A 17-year-old student, who couldn’t afford admission into the prestigious Banaras Hindu University (BHU) after qualifying, received help “to pursue her dream” from the Allahabad High Court. While the judge hearing her petition shelled out Rs 15,000 “from his own pocket”, lawyers pooled in and raised the entire admission fee to help her get into college.
Sanskriti Ranjan, who had appealed to the Lucknow bench of the Allahabad High Court to direct the college to waive her fee, appeared before the court today without knowing she her problems would be over by the end of the day.
A topper in school, the teen had cleared the JEE or the national Joint Entrance Examination for higher educational institutions. With 92.77 percentile, she ranked of 2,062 in the Scheduled Caste category.
But when she wanted to join the BHU’s five-year course in Mathematics and Computing, she fell short of the admission fee.
Helpless, she petitioned the High Court, which directed the University and the Union Education Ministry’s seat allocation body to admit her.
After an order by the single-judge bench of Justice Dinesh Kumar Singh, she has been asked to report to the university within three days.
The judge noted the ‘bright’ academic credentials of the student and the financial distress in her family because of her father’s kidney disease, and ordered the money to be given to her today.
“The petitioner has not been able to pay meager amount of Rs.15,000 for seat acceptance as her father has been diagnosed with chronic kidney disease and he has been advised to go for a Kidney transplant. The father of the petitioner has to undergo dialysis twice in a week to survive,” said Judge Singh.
“It is said that due to ill health of the father of the petitioner and financial crisis created by medical expenses and Covid-19, the petitioner could not arrange Rs.15,000 fee for allotment of seat at IIT, BHU The petitioner and her father have written many times to Joint Seat Allocation Authority for extension of time indicating precarious condition for which she could not deposit the fee but no reply has come forth from the Joint Seat Allocation Authority,” the judge said in the order.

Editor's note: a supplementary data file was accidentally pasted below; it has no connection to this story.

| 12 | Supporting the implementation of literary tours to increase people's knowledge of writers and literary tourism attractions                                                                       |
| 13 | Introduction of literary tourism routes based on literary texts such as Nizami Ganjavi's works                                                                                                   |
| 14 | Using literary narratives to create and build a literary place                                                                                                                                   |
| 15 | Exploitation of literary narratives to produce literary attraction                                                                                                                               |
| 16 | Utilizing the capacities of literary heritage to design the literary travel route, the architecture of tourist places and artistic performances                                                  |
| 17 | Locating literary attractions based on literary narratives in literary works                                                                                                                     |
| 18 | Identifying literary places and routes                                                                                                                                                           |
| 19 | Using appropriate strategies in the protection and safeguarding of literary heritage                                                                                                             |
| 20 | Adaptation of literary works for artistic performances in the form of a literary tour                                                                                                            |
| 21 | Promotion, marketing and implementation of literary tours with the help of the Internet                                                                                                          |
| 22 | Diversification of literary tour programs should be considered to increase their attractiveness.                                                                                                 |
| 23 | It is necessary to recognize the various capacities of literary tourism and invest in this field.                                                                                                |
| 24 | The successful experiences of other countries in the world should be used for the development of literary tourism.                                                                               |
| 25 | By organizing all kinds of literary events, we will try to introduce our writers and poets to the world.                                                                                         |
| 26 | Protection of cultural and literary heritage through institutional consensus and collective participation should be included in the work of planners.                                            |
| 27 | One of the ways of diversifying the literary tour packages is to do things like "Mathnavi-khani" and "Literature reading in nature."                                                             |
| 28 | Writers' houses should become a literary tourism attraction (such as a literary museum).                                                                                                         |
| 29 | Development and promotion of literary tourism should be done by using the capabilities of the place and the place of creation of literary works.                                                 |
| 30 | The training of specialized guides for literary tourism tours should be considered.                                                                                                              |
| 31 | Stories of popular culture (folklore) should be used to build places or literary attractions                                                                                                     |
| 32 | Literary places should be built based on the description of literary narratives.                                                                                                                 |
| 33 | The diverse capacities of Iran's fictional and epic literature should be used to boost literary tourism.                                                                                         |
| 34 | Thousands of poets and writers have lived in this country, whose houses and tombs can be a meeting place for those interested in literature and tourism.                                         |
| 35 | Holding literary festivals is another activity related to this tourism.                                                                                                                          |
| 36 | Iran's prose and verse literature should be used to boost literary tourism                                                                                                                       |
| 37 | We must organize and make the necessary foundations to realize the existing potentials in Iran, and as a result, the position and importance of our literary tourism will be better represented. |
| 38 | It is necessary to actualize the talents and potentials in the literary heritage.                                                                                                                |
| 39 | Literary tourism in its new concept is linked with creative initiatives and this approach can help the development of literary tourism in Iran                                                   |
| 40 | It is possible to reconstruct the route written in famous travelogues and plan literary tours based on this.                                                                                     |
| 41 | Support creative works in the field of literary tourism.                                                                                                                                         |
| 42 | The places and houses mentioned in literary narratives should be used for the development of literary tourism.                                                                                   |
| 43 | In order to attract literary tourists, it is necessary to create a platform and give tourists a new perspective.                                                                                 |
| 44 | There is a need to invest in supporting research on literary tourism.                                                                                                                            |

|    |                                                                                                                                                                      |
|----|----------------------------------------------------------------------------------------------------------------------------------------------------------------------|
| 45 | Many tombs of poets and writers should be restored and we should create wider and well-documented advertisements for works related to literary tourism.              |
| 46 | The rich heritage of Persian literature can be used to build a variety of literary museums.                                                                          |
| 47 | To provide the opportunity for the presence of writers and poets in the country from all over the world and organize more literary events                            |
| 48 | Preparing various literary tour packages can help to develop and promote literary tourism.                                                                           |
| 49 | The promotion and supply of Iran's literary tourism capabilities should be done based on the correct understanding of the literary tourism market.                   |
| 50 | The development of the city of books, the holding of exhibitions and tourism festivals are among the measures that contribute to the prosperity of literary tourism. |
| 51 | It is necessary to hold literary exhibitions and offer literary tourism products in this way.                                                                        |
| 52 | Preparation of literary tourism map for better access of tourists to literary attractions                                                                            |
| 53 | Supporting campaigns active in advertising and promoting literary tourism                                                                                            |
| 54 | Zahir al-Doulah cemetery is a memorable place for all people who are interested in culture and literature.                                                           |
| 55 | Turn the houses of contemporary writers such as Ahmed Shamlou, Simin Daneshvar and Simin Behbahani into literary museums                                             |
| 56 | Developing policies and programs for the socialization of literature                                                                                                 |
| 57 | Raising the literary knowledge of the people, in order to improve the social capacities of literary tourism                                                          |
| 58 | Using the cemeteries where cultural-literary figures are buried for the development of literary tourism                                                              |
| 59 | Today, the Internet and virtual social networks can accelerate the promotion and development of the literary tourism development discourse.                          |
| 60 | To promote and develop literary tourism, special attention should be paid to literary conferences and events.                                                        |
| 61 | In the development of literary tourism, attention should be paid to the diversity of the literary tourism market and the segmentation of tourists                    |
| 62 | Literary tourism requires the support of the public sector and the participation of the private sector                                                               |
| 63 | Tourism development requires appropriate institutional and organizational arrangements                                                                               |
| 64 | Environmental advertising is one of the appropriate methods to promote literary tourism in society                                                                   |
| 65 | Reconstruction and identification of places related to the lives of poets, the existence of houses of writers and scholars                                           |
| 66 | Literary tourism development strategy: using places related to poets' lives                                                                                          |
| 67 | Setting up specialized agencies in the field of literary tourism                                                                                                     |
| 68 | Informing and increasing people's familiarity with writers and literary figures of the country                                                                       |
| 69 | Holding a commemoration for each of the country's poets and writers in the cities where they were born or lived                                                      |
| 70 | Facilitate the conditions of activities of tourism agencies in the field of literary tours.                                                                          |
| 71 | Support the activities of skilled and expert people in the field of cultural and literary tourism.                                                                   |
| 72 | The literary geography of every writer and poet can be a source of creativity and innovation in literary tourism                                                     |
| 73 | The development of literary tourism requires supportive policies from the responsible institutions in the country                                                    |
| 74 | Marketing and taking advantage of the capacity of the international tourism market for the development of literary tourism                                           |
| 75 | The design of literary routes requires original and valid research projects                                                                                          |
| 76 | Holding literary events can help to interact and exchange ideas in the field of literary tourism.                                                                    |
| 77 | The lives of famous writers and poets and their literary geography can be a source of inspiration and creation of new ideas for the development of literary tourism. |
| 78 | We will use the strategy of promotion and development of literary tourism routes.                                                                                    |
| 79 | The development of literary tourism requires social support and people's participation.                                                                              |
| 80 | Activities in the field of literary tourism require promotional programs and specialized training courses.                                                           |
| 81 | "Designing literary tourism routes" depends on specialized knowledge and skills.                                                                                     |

The Allahabad High Court said it would contribute the money “considering the facts of the present case”.
“A bright young Dalit girl student has come before this Court seeking equity jurisdiction to enable to pursue her dream of getting admitted in the IIT, this court on its own has volunteered to contribute Rs.15,000 for allocation of the seat,” said Justice Singh.
Two lawyers who voluntarily assisted the student in her court appearance also mentioned a recent Supreme Court order that led to relief for a 17-year-old Scheduled Caste student who was about to lose his seat at the country’s premier Indian Institute of Technology, or IIT
“While the preliminary admission fees has been given by the honorable judge himself, many lawyers have got together after the judgement was uploaded , and want to contribute more and we are in a position to deposit her entire course fees including her tuition and hostel fee,” Sarvesh Kumar Dubey, one of the advocates who represented the student told NDTV
Prince Jaibeer, a resident of Uttar Pradesh’s Ghaziabad, was shortlisted for Civil Engineering at IIT-Bombay on October 27. But he was unable to pay the acceptance fee of Rs 15,000 — the initial amount to be paid online in order to secure the seat.
First, he fell short of money. When he was able to arrange it with some help from his sister, he was stymied by technical glitches on the website.
Justice DY Chandrachud, who was on the Supreme Court bench, had said, “This Court has before it a young Dalit student who is on the verge of losing a valued seat which has been allocated to him at IIT Bombay… It would be a grave travesty of justice that a young Dalit student is denied admission for non-payment of fees and is turned away from the Supreme Court”.